Great White Shark 'Autopsy' to be Webcast Live
Daniel Huber (left) and Karen Moreno (University of New South Wales) dissect the head of a great white shark.
Credit: Daniel Huber/University of Tampa

The shark is dead, but the webcast of its necropsy, or animal autopsy, will be live.

New Zealand researchers plan this week to cut open a 10-foot (3 meter) great white shark to see what's inside.

The female shark was retrieved in the Kaipara Harbour last week, entangled and dead in a gill net. The fisherman notified the Department of Conservation Auckland Area staff, who recovered the shark, a step that's legal in the country.

"This is a rare opportunity for people to get a close look at a great white, and to see how scientists find out more about the complexities of the natural world through their research," said Tom Trnski, Marine Curator of the Auckland Museum. "Little is known about the life history of these apex predators of the ocean, and we hope to learn more about the shark's recent past before it came into the harbour."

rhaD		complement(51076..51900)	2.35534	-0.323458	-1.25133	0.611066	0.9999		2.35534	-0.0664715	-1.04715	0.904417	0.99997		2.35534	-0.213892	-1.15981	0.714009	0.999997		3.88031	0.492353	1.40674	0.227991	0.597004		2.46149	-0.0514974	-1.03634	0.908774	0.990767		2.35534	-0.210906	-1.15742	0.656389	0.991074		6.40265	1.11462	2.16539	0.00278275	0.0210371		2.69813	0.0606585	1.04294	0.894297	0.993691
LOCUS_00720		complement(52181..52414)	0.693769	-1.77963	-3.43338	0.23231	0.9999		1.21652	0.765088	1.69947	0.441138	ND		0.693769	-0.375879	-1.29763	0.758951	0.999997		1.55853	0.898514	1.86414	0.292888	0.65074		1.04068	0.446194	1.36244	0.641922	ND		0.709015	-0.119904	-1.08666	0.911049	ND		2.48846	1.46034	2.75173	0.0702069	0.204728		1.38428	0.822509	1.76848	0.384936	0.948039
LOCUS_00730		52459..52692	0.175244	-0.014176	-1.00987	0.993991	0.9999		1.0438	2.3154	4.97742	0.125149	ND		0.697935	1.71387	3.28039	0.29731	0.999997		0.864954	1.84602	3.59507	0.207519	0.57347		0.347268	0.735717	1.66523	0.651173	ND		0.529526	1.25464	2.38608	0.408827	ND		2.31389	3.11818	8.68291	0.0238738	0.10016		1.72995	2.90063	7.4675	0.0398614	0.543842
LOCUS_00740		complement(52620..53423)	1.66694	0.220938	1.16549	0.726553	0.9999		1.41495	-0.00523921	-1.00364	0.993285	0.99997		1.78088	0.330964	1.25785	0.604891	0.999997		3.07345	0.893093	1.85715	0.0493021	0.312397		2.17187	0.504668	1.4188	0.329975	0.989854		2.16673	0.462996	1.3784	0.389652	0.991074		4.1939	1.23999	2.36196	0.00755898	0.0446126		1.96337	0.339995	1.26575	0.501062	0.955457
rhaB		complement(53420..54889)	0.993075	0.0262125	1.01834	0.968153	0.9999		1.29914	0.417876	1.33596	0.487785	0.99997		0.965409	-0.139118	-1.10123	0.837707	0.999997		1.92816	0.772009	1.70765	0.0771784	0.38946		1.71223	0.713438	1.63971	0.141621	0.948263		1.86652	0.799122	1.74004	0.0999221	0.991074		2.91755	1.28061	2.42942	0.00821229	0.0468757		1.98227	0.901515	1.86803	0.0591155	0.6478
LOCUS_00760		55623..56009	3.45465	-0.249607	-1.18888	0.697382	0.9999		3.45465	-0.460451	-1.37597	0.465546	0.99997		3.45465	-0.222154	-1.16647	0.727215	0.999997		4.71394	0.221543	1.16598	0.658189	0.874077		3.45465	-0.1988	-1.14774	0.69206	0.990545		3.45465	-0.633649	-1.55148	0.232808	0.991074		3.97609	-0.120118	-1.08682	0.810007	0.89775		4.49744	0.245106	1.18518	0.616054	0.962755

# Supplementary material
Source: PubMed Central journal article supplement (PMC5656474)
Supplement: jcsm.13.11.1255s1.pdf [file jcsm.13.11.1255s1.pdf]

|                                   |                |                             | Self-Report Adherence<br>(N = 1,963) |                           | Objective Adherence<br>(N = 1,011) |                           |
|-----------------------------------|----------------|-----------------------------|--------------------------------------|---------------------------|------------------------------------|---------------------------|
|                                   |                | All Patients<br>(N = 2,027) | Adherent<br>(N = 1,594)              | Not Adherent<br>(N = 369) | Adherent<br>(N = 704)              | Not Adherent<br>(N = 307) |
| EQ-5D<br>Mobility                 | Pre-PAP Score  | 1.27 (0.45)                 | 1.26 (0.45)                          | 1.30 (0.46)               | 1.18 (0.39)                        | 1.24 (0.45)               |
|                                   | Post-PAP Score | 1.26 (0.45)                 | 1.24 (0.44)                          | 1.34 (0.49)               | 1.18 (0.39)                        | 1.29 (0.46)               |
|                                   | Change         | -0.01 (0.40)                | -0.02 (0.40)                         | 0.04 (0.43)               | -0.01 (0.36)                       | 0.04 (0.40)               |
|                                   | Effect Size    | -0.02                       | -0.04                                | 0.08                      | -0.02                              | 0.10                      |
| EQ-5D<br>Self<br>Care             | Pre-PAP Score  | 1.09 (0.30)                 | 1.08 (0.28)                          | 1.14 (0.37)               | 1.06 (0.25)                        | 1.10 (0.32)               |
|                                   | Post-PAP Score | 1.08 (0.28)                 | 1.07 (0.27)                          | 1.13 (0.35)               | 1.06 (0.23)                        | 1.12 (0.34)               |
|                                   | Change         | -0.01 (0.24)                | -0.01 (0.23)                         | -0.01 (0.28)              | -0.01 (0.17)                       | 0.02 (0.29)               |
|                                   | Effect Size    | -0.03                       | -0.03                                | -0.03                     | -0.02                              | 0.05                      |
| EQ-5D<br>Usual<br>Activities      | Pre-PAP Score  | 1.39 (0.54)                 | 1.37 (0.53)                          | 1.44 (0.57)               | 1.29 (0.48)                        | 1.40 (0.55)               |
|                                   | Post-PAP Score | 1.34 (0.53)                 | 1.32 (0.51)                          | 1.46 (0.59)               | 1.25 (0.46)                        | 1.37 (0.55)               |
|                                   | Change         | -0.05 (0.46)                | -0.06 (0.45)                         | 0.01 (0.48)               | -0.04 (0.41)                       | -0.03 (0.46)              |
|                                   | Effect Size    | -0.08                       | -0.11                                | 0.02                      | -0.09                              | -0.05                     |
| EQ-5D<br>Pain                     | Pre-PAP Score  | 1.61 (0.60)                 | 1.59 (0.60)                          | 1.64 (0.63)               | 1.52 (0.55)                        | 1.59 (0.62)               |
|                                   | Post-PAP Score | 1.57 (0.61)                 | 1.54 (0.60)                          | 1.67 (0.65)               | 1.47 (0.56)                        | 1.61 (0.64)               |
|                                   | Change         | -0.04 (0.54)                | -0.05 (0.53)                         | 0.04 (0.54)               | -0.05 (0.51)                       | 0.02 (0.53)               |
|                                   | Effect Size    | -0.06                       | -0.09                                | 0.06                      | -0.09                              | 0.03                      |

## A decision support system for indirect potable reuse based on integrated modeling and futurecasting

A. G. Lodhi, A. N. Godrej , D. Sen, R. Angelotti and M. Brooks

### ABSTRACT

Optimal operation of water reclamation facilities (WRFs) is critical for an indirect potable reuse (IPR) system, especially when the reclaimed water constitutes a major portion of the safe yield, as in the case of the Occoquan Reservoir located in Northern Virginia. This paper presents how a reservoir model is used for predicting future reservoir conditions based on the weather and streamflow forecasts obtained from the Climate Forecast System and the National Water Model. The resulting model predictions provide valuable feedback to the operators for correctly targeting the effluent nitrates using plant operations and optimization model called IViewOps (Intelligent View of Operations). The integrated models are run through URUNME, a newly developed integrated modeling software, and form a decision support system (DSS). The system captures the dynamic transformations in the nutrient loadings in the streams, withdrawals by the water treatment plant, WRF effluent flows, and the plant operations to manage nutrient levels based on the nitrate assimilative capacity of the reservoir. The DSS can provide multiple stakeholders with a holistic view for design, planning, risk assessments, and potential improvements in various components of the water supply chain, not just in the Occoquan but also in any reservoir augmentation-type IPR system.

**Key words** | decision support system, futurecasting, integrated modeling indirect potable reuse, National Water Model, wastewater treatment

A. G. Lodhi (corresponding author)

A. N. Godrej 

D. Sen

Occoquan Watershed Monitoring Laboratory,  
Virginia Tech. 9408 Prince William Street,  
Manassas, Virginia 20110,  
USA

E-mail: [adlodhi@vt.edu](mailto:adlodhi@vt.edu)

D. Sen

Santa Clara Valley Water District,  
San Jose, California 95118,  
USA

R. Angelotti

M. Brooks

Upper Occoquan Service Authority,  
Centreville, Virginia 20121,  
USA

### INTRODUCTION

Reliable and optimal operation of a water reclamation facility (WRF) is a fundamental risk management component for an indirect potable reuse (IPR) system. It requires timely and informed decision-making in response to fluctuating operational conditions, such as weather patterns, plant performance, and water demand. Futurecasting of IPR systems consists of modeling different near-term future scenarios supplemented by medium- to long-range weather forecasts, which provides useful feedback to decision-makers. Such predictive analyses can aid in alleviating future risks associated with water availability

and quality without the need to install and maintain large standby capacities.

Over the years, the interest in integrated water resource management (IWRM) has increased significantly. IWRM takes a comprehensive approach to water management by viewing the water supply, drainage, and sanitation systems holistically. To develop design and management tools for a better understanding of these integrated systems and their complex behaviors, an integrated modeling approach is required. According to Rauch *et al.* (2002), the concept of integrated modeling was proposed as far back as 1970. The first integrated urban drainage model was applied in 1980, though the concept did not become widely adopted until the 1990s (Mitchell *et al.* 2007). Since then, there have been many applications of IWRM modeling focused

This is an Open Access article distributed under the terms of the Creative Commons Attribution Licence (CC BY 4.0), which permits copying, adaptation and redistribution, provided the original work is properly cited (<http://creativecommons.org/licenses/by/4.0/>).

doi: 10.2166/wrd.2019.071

Despite great white's fearsome reputation, far more people are killed each year by dogs than have been killed by great white sharks in the last 100 years, according to a statement from the museum. A study in 2007 found that their bite is not as strong as suspected.

The operation will examine the shark's stomach contents, take measurements of internal organs, look at the gills and remove the jaws.

The event is reminiscent of a scene in "Jaws," when Richard Dreyfuss cuts open the stomach of a shark to reveal a crushed tin can and a licence plate.

Great whites are at the top of the food chain, humans notwithstanding. Scientists consider them a vulnerable species, and the beasts are still targeted for trade in their teeth, jaws and fins.

The webcast will be available at aucklandmuseum.com. It is slated for 11 a.m. local time on Jan. 8, which is 5 p.m. ET on Jan. 7.